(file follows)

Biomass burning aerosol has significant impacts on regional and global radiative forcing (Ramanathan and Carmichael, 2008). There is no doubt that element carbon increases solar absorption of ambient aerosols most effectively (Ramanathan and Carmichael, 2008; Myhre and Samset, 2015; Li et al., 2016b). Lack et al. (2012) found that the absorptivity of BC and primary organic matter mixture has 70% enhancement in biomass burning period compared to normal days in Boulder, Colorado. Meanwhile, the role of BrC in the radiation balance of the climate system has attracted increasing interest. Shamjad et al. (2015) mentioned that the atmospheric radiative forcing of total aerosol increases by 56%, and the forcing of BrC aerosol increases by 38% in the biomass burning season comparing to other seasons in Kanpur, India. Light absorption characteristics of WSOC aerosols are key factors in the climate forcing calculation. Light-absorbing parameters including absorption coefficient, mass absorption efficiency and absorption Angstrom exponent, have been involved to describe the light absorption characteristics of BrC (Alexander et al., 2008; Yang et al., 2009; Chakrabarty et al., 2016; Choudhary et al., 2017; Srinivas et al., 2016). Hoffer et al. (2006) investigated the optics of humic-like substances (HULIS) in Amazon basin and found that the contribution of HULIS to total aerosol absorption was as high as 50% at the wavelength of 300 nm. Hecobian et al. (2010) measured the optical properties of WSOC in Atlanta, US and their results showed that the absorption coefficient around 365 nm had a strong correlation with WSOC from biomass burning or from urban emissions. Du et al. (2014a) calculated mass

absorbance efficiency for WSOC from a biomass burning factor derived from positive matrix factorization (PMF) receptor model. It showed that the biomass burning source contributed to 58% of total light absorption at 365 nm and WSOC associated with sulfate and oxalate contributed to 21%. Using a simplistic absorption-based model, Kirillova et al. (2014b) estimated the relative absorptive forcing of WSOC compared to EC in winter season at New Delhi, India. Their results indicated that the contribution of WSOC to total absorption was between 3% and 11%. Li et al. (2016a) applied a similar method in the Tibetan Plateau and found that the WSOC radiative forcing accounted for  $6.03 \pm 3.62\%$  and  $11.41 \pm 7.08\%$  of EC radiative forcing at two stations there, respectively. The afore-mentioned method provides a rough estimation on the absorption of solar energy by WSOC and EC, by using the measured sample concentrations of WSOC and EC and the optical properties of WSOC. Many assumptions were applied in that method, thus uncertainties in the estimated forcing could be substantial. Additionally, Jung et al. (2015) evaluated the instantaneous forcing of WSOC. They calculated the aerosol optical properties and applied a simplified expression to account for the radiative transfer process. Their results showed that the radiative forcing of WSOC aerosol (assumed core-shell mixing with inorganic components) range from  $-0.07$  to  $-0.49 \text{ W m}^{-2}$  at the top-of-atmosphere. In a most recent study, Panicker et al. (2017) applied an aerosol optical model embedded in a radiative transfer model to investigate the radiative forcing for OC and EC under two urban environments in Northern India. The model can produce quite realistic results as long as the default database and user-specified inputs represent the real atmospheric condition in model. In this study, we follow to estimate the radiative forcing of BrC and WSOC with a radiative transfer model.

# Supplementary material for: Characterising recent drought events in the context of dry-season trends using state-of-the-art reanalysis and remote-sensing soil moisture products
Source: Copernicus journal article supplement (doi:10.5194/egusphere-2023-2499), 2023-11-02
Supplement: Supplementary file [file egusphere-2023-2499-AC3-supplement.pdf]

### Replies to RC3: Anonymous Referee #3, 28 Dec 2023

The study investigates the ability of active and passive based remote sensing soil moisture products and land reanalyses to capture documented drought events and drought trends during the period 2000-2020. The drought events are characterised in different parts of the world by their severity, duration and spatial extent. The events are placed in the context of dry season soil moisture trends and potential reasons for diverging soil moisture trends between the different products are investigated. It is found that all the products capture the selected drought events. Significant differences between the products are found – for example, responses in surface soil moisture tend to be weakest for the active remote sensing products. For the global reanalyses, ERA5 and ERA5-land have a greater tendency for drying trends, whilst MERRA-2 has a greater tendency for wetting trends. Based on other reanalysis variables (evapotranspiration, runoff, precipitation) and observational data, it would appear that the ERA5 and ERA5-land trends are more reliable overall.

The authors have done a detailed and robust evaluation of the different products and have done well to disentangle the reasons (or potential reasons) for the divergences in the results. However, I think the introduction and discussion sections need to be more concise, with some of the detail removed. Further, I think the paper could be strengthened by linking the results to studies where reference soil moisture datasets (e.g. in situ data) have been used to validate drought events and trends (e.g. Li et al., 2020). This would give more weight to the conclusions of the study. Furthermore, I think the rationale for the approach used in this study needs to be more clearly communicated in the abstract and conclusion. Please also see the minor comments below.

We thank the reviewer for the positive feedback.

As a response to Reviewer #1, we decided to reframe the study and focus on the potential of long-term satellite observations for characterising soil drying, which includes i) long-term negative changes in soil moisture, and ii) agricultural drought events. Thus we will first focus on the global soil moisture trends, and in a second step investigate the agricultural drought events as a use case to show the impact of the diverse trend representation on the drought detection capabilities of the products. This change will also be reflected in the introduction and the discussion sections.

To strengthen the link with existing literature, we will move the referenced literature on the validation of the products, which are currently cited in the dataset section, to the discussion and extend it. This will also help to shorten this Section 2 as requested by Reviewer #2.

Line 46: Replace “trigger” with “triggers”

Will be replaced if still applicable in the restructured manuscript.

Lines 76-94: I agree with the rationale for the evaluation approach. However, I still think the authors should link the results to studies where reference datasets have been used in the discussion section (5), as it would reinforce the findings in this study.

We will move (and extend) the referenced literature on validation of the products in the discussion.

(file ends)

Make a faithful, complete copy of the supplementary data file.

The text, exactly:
Biomass burning aerosol has significant impacts on regional and global radiative forcing (Ramanathan and Carmichael, 2008). There is no doubt that element carbon increases solar absorption of ambient aerosols most effectively (Ramanathan and Carmichael, 2008; Myhre and Samset, 2015; Li et al., 2016b). Lack et al. (2012) found that the absorptivity of BC and primary organic matter mixture has 70% enhancement in biomass burning period compared to normal days in Boulder, Colorado. Meanwhile, the role of BrC in the radiation balance of the climate system has attracted increasing interest. Shamjad et al. (2015) mentioned that the atmospheric radiative forcing of total aerosol increases by 56%, and the forcing of BrC aerosol increases by 38% in the biomass burning season comparing to other seasons in Kanpur, India. Light absorption characteristics of WSOC aerosols are key factors in the climate forcing calculation. Light-absorbing parameters including absorption coefficient, mass absorption efficiency and absorption Angstrom exponent, have been involved to describe the light absorption characteristics of BrC (Alexander et al., 2008; Yang et al., 2009; Chakrabarty et al., 2016; Choudhary et al., 2017; Srinivas et al., 2016). Hoffer et al. (2006) investigated the optics of humic-like substances (HULIS) in Amazon basin and found that the contribution of HULIS to total aerosol absorption was as high as 50% at the wavelength of 300 nm. Hecobian et al. (2010) measured the optical properties of WSOC in Atlanta, US and their results showed that the absorption coefficient around 365 nm had a strong correlation with WSOC from biomass burning or from urban emissions. Du et al. (2014a) calculated mass

absorbance efficiency for WSOC from a biomass burning factor derived from positive matrix factorization (PMF) receptor model. It showed that the biomass burning source contributed to 58% of total light absorption at 365 nm and WSOC associated with sulfate and oxalate contributed to 21%. Using a simplistic absorption-based model, Kirillova et al. (2014b) estimated the relative absorptive forcing of WSOC compared to EC in winter season at New Delhi, India. Their results indicated that the contribution of WSOC to total absorption was between 3% and 11%. Li et al. (2016a) applied a similar method in the Tibetan Plateau and found that the WSOC radiative forcing accounted for  $6.03 \pm 3.62\%$  and  $11.41 \pm 7.08\%$  of EC radiative forcing at two stations there, respectively. The afore-mentioned method provides a rough estimation on the absorption of solar energy by WSOC and EC, by using the measured sample concentrations of WSOC and EC and the optical properties of WSOC. Many assumptions were applied in that method, thus uncertainties in the estimated forcing could be substantial. Additionally, Jung et al. (2015) evaluated the instantaneous forcing of WSOC. They calculated the aerosol optical properties and applied a simplified expression to account for the radiative transfer process. Their results showed that the radiative forcing of WSOC aerosol (assumed core-shell mixing with inorganic components) range from  $-0.07$  to  $-0.49 \text{ W m}^{-2}$  at the top-of-atmosphere. In a most recent study, Panicker et al. (2017) applied an aerosol optical model embedded in a radiative transfer model to investigate the radiative forcing for OC and EC under two urban environments in Northern India. The model can produce quite realistic results as long as the default database and user-specified inputs represent the real atmospheric condition in model. In this study, we follow to estimate the radiative forcing of BrC and WSOC with a radiative transfer model.

# Supplementary material for: Characterising recent drought events in the context of dry-season trends using state-of-the-art reanalysis and remote-sensing soil moisture products
Source: Copernicus journal article supplement (doi:10.5194/egusphere-2023-2499), 2023-11-02
Supplement: Supplementary file [file egusphere-2023-2499-AC3-supplement.pdf]

### Replies to RC3: Anonymous Referee #3, 28 Dec 2023

The study investigates the ability of active and passive based remote sensing soil moisture products and land reanalyses to capture documented drought events and drought trends during the period 2000-2020. The drought events are characterised in different parts of the world by their severity, duration and spatial extent. The events are placed in the context of dry season soil moisture trends and potential reasons for diverging soil moisture trends between the different products are investigated. It is found that all the products capture the selected drought events. Significant differences between the products are found – for example, responses in surface soil moisture tend to be weakest for the active remote sensing products. For the global reanalyses, ERA5 and ERA5-land have a greater tendency for drying trends, whilst MERRA-2 has a greater tendency for wetting trends. Based on other reanalysis variables (evapotranspiration, runoff, precipitation) and observational data, it would appear that the ERA5 and ERA5-land trends are more reliable overall.

The authors have done a detailed and robust evaluation of the different products and have done well to disentangle the reasons (or potential reasons) for the divergences in the results. However, I think the introduction and discussion sections need to be more concise, with some of the detail removed. Further, I think the paper could be strengthened by linking the results to studies where reference soil moisture datasets (e.g. in situ data) have been used to validate drought events and trends (e.g. Li et al., 2020). This would give more weight to the conclusions of the study. Furthermore, I think the rationale for the approach used in this study needs to be more clearly communicated in the abstract and conclusion. Please also see the minor comments below.

We thank the reviewer for the positive feedback.

As a response to Reviewer #1, we decided to reframe the study and focus on the potential of long-term satellite observations for characterising soil drying, which includes i) long-term negative changes in soil moisture, and ii) agricultural drought events. Thus we will first focus on the global soil moisture trends, and in a second step investigate the agricultural drought events as a use case to show the impact of the diverse trend representation on the drought detection capabilities of the products. This change will also be reflected in the introduction and the discussion sections.

To strengthen the link with existing literature, we will move the referenced literature on the validation of the products, which are currently cited in the dataset section, to the discussion and extend it. This will also help to shorten this Section 2 as requested by Reviewer #2.

Line 46: Replace “trigger” with “triggers”

Will be replaced if still applicable in the restructured manuscript.

Lines 76-94: I agree with the rationale for the evaluation approach. However, I still think the authors should link the results to studies where reference datasets have been used in the discussion section (5), as it would reinforce the findings in this study.

We will move (and extend) the referenced literature on validation of the products in the discussion.